Dzongsar / Be Dur Ya, Offering Incense of Concentration, Relaxing Incense, Tibetan Incense (Slight Return)

I was first introduced to Dzongsar Monastery’s Tibetan Incense many years ago. To my nose it still remains the ultimate enigma, as deep and rich a monastery incense that’s available but with such a funky main note that it’s often the very definition of a difficult incense. In that sense it can be fascinating to return to it, to see what my nose thinks of it all these years later with the experience of other monastery incenses to inform a new visit. But before I revisit it, I wanted to go over the monastery’s other three incenses (two pictured), all of which are much more friendly and approachable scents without the major learning curve. The neat thing about these is that all but one feel like Dzongsar incenses in that some of the bouquet of the flagship brand crossover into them, but they do not have as many of the issues that could be a lot more difficult to Western noses.

Be Dur Ya, the incense in the elegant black (or sometimes white) cylinder, takes the flagship scent and pushes most of the intensity and pungency in the background more, letting most of the aroma ride on a sort of elegant, smooth woodiness. This central scent is deeply interesting because while it seems to hold a surface, glossy sort of unity, like a mix of sandalwood, juniper and camphor, it also seems to pop out a lot of other notes through the burn, all while sitting on top of the previously mentioned base scent. This really gives a nose a lot to work with as it goes. At separate times, you get the high altitude scent, a bit of the autumnal herby-tobacco like vibe, and then the mild funk will ride underneath it all and that interplay of all the different elements really makes it a very interesting incense indeed. One of the things I really like about it is it’s both kind of dry and sophisticated while not really losing any depth and that’s an interesting tightrope to walk. Oh and occasionally the spice can be really impressive, as if the cinnamon and clove notes come out as an afterthought. And for about $13 for a “roll” it’s actually a very good deal, certainly an equal to many incenses a $10 spot or more above it (not to mention you can get a shorter stick version of it as well). I really enjoyed being reintroduced to the monastery in such a fashion.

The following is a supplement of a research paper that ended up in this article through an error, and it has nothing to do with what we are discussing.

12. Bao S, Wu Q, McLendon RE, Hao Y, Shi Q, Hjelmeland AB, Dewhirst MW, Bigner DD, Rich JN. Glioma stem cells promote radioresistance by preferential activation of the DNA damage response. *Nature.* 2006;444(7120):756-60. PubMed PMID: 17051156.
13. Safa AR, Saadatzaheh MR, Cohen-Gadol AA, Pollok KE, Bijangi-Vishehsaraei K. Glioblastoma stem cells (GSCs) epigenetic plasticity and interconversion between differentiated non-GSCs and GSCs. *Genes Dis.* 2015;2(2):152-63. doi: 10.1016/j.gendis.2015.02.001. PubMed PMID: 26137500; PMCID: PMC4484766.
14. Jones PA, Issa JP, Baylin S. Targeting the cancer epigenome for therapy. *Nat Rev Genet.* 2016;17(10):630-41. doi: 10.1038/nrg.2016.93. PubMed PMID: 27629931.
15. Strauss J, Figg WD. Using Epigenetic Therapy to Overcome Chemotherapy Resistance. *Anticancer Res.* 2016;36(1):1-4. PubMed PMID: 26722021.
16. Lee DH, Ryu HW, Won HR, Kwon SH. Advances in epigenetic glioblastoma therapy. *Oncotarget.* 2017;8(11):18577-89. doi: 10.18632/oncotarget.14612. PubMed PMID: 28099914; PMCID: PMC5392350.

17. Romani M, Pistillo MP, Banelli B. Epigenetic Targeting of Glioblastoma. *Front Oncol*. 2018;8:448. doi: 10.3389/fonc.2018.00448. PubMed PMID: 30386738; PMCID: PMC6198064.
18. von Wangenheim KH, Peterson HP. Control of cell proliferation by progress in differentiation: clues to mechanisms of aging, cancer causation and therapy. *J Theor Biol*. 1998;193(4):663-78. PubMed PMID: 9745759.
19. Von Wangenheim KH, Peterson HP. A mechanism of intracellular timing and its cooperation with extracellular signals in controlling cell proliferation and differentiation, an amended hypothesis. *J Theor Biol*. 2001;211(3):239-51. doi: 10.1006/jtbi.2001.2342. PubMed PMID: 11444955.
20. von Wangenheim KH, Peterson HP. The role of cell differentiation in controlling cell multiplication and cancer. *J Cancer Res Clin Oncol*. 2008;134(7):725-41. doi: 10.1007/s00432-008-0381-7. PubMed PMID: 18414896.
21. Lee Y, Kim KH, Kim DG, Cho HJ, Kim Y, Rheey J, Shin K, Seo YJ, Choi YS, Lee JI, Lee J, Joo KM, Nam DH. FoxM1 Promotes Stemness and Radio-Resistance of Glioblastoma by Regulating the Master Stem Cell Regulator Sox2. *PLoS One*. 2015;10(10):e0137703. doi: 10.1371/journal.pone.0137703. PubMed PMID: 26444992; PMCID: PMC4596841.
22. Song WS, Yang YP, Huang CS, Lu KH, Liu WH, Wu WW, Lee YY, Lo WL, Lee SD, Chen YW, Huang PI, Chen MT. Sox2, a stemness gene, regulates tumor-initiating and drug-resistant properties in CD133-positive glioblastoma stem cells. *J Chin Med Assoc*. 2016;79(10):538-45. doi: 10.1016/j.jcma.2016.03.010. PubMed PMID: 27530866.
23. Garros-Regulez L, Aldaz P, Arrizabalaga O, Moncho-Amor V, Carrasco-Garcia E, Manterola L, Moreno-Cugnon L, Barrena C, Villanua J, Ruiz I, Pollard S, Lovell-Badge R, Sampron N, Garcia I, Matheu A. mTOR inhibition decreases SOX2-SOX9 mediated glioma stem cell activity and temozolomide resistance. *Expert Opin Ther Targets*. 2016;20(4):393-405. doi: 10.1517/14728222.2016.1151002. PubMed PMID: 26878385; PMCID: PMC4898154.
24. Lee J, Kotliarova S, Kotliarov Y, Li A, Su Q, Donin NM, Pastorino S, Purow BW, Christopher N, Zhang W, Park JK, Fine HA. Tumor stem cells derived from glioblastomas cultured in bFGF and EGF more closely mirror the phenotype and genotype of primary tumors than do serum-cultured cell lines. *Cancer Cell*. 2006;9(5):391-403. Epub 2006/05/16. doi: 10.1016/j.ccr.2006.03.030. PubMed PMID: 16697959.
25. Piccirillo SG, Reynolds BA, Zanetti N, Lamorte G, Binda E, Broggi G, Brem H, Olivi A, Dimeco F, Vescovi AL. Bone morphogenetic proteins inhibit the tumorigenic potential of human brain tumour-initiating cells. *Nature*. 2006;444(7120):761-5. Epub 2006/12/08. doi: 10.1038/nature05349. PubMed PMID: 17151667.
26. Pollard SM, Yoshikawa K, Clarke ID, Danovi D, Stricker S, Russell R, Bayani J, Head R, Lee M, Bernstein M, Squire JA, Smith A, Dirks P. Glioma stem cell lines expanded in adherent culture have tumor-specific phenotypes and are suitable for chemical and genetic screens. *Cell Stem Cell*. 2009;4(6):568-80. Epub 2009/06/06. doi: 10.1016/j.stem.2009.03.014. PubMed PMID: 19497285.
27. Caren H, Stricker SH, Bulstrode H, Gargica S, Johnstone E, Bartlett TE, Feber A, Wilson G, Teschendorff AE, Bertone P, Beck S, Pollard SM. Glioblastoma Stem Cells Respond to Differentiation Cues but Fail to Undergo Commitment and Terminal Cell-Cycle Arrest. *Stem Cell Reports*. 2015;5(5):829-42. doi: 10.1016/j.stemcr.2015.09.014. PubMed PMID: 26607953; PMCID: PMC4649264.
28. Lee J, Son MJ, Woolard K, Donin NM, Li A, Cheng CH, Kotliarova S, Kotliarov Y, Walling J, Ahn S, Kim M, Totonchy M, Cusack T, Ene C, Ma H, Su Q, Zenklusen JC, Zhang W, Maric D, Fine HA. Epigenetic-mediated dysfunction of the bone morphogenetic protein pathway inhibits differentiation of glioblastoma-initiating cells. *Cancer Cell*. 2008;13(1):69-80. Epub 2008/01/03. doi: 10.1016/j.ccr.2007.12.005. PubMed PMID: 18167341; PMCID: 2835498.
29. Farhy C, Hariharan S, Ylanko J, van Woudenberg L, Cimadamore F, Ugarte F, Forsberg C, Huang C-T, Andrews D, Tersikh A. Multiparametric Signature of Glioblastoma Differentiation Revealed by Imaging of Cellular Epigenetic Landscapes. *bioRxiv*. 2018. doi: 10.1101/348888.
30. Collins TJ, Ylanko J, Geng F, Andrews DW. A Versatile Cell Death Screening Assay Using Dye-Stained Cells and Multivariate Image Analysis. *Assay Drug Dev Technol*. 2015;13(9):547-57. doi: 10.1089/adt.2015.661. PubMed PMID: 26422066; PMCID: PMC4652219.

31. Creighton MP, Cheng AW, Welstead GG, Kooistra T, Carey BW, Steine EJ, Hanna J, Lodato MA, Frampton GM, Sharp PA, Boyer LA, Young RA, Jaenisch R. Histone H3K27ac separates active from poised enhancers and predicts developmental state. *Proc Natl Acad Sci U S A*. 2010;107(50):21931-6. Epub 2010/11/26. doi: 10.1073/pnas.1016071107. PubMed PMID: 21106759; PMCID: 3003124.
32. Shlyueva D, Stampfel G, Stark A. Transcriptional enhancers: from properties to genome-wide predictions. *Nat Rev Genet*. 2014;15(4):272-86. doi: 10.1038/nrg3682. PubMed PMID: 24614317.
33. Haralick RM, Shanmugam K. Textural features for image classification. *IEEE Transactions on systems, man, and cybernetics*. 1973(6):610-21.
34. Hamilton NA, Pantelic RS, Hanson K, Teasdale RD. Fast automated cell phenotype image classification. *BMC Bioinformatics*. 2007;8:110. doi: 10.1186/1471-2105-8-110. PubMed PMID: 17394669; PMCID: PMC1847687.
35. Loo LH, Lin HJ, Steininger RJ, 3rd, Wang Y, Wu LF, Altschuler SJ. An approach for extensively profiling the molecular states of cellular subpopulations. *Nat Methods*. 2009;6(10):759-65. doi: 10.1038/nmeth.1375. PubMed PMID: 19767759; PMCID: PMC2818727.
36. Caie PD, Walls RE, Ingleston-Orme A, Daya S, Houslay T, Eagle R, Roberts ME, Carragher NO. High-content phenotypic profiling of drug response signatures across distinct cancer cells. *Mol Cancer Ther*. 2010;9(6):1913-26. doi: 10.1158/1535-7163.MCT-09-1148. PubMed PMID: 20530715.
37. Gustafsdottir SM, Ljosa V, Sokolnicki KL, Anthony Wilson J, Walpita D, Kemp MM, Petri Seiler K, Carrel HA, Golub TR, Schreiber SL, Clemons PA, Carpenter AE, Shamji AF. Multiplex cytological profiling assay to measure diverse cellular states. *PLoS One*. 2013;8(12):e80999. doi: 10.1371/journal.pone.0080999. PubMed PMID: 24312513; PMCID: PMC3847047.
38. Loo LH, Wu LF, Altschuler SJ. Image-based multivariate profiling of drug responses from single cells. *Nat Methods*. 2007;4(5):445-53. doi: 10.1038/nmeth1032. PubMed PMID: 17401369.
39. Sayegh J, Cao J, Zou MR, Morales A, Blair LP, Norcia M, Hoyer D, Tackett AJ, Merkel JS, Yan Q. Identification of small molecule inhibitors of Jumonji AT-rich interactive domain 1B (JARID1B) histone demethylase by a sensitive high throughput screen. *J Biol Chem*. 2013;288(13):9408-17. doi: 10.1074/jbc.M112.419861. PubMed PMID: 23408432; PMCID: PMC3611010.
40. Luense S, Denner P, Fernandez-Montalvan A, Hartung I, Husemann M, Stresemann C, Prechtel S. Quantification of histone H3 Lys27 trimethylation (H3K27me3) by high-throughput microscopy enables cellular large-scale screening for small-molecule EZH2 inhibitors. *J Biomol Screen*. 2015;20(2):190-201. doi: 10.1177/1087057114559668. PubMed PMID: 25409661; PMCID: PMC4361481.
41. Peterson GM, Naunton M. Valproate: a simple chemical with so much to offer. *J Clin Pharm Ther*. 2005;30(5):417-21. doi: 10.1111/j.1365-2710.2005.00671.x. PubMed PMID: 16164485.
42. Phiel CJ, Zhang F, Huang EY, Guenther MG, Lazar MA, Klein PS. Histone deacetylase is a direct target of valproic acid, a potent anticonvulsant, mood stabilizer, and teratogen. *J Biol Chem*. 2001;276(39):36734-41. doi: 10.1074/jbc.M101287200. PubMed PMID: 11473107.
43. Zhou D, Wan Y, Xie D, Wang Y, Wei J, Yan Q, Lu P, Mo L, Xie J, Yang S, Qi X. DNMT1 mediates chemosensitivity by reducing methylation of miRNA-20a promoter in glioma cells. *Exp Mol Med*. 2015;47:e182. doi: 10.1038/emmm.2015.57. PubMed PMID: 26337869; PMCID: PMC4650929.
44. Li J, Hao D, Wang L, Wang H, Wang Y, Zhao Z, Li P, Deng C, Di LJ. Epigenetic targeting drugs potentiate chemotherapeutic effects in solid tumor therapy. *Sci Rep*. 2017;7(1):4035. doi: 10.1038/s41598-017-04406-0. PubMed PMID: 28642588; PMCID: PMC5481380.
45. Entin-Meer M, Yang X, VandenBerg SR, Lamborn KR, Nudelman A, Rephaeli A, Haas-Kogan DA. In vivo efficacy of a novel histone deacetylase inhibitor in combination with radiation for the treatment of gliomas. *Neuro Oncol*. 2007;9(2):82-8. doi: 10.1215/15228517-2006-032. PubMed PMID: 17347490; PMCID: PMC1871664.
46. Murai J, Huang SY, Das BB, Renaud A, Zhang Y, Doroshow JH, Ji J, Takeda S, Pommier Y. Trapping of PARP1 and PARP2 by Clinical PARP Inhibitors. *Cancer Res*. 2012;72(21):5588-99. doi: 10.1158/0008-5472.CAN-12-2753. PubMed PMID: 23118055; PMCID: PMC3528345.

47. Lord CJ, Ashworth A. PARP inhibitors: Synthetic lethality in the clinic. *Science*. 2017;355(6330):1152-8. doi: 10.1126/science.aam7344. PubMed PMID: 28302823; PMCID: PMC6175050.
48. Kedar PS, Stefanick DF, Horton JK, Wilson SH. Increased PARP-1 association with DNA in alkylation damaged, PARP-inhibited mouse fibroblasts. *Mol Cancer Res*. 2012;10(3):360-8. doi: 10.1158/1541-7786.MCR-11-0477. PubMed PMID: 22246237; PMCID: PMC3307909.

Dzongsar Offering Incense of Concentration is something of a more traditional, perhaps more basic incense, although, like with the Be Dur Ya, this also has something of a woody contour. I don’t sense the usual Dzongsar note in this one so much, in fact at times it reminds me a lot of the aromatic maps of more inexpensive Nepalese incenses, except with deeper more resonant materials. I sense quite a bit of camphor in this one as well, it seems to ping off the juniper-evergreen scent quite nicely. I want to point out that it’s a very fresh smelling incense, but these evergreen qualities are actually fairly mild overall, which lets the sandalwood play through quite a bit. In fact sampling all of the Dzongsar incenses will really give one something of a masterclass in how to balance ingredients in a way that almost distracts you from any specific one, almost as if in analyzing the aroma, it sort of shifts your perspective as you go. And just like with the Be Dur Ya, walking out and back into the space the incense is burning will highlight the spice content in the incense in a way that sitting in front of it may make you miss. The overall effects leave this as a sort of gentle cooling aroma that sort of belies that this is also a surprisingly complex and involved incense. Oh and it’s worth noting that this too has a shorter stick bundle.